- Project manager - oversees project goals, timeline
- Team coordinator - follows up with team members, reminds others to get deliverables done on time
- Recorder - keeps project notes, summarizes information
- Writer / Subject matter expert - everyone is the expert in their area of responsibility
- Editor - consistent "voice" throughout project
- Content manager / librarian - keeps versions, member submissions
- Style coordinator - ensures standards, conventions followed by all. This should be someone familiar with college writing and appropriate use of reference citations.
- Tech wiz - helps the team with web delivery of the project presentation
- Reviewers - everyone reviews the final presentation
Suggestions for Project Work
- List all the things that need to be done and the order they must be completed - team brainstorm so everyone participates, use collaborative writing on your topic wiki page so everyone is adding to a shared list
- Choose roles - works best if people pick what they are good at and are interested in doing. Or try something you have never done before - this is supposed to be a learning experience!
- Divide up tasks, set time times, assign responsibilities
- Communicate, communicate, communicate - let everyone know how you are doing, ask for help if you need it.
- Schedule regular "check in" times - there is nothing worse than not knowing that a key piece is not finished.
- Rearrange roles and responsibilities if necessary - things happen that prevent well-meaning classmates from being able to put in the time they thought they could, so don't let that mess up the project for everyone else.
- Ask for help if you need it.
- Collaborate - it is ok to challenge ideas (nothing personal, though). If some other group member challenges your idea, explain your position again. Try using different words or a different explanation or add examples. This is how we learn best. You should be challenging your own ideas, anticipating the questions of others.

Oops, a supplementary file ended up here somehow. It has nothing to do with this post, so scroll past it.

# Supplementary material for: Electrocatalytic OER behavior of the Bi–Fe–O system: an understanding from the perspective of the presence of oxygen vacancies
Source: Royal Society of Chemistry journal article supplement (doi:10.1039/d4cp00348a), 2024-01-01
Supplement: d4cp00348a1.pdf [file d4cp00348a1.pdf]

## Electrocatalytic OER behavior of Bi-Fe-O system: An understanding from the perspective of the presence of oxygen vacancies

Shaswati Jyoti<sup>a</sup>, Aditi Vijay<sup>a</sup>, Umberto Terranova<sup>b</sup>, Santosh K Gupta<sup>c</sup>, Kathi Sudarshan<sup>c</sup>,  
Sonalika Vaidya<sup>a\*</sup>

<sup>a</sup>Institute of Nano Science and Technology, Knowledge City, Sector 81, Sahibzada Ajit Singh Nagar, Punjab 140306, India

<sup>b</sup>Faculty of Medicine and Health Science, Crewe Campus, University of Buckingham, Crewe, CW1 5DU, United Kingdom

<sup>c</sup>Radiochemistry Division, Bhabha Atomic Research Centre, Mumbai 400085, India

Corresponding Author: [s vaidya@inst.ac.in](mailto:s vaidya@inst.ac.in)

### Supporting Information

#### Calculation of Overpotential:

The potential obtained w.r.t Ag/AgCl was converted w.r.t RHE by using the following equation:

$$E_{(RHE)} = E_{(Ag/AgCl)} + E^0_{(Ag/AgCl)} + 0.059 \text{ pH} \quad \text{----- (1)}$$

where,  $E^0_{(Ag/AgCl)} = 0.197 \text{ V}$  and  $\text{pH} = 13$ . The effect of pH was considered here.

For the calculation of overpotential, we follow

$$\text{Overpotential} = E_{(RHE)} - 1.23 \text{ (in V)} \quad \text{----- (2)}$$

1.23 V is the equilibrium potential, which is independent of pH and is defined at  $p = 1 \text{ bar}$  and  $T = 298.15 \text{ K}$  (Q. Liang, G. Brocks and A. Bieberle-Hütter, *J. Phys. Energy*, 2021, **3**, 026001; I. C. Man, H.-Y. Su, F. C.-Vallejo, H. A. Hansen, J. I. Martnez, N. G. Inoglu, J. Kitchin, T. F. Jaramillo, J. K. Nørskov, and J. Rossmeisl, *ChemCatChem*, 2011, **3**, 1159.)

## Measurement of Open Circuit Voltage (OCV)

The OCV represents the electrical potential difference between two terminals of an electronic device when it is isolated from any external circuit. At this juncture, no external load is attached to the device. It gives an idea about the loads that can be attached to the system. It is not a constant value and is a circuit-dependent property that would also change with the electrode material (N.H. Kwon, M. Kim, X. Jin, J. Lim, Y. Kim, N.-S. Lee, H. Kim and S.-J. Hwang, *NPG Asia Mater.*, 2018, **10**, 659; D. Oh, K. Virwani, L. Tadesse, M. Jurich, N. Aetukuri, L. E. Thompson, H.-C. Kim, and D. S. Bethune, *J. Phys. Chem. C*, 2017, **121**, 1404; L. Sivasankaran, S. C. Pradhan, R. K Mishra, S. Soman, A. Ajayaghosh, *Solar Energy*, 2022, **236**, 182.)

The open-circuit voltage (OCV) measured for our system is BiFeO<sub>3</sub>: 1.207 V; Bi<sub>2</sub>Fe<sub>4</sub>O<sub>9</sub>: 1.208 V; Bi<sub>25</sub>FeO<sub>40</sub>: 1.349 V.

- Be flexible - do the best you can with what you have - time, resources, ideas. Pitch in and help if you have extra time.
- Have fun - this is your chance to really have a great learning experience. It will be as good as you make it for yourself.
- Groups of 3-5 students work together to prepare a project on one of the topics covered in this course.
- The presentation will be a wiki page. The final presentation should include 5-8 subtopics and must include citations and references as links.
- Citations should be APA (American Psychological Association) style and used consistently. Citations should be in one final section and referenced in the body of the project presentation. APA includes formatting for web references. APA is preferable, but MLA format citations are acceptable. Pick one format and be consistent.
- This will be a web-based presentation. If someone in the group has some expertise or at least some familiarity with web page creation, that will help. However, the wiki tools are very easy to use, even for a novice.
- You will be sharing your work with the outside world. You will need to be extra careful about respecting the copyrights of materials you include. Reference all your sources. Include media that is explicitly open source or copyright free.
- Be sure to include a discussion about the impact on society. This can be opinion but it must be based on facts found in the references. Present both sides of a controversial topic, but be sure to back-up the arguments with references.
- Include references to 8-10 online articles that are appropriate to your discussion. If possible include the date of the article. Consider how current the information is for the topic. For subjects like viruses and copyright laws, articles published more than a year ago may not reflect the current situation.
- Create an outline for the report. This will help the group organize the work. Include an introduction and a summary. Be sure to discuss your conclusions - So what? Why should we care about this? Why is it important to society?
- Use headers as appropriate. Help your readers follow the main topics of the report.
- Use bullet lists sparingly if you have several short points to include in a topic.
Suggestions for Group Writing
Here are some suggestions to help your group prepare your Final Project presentation.
- Create an outline for your presentation. Include a brief description of the information that will be in each section. Making a very detailed outline and sticking to it will help keep everyone on track and reduce duplication of effort.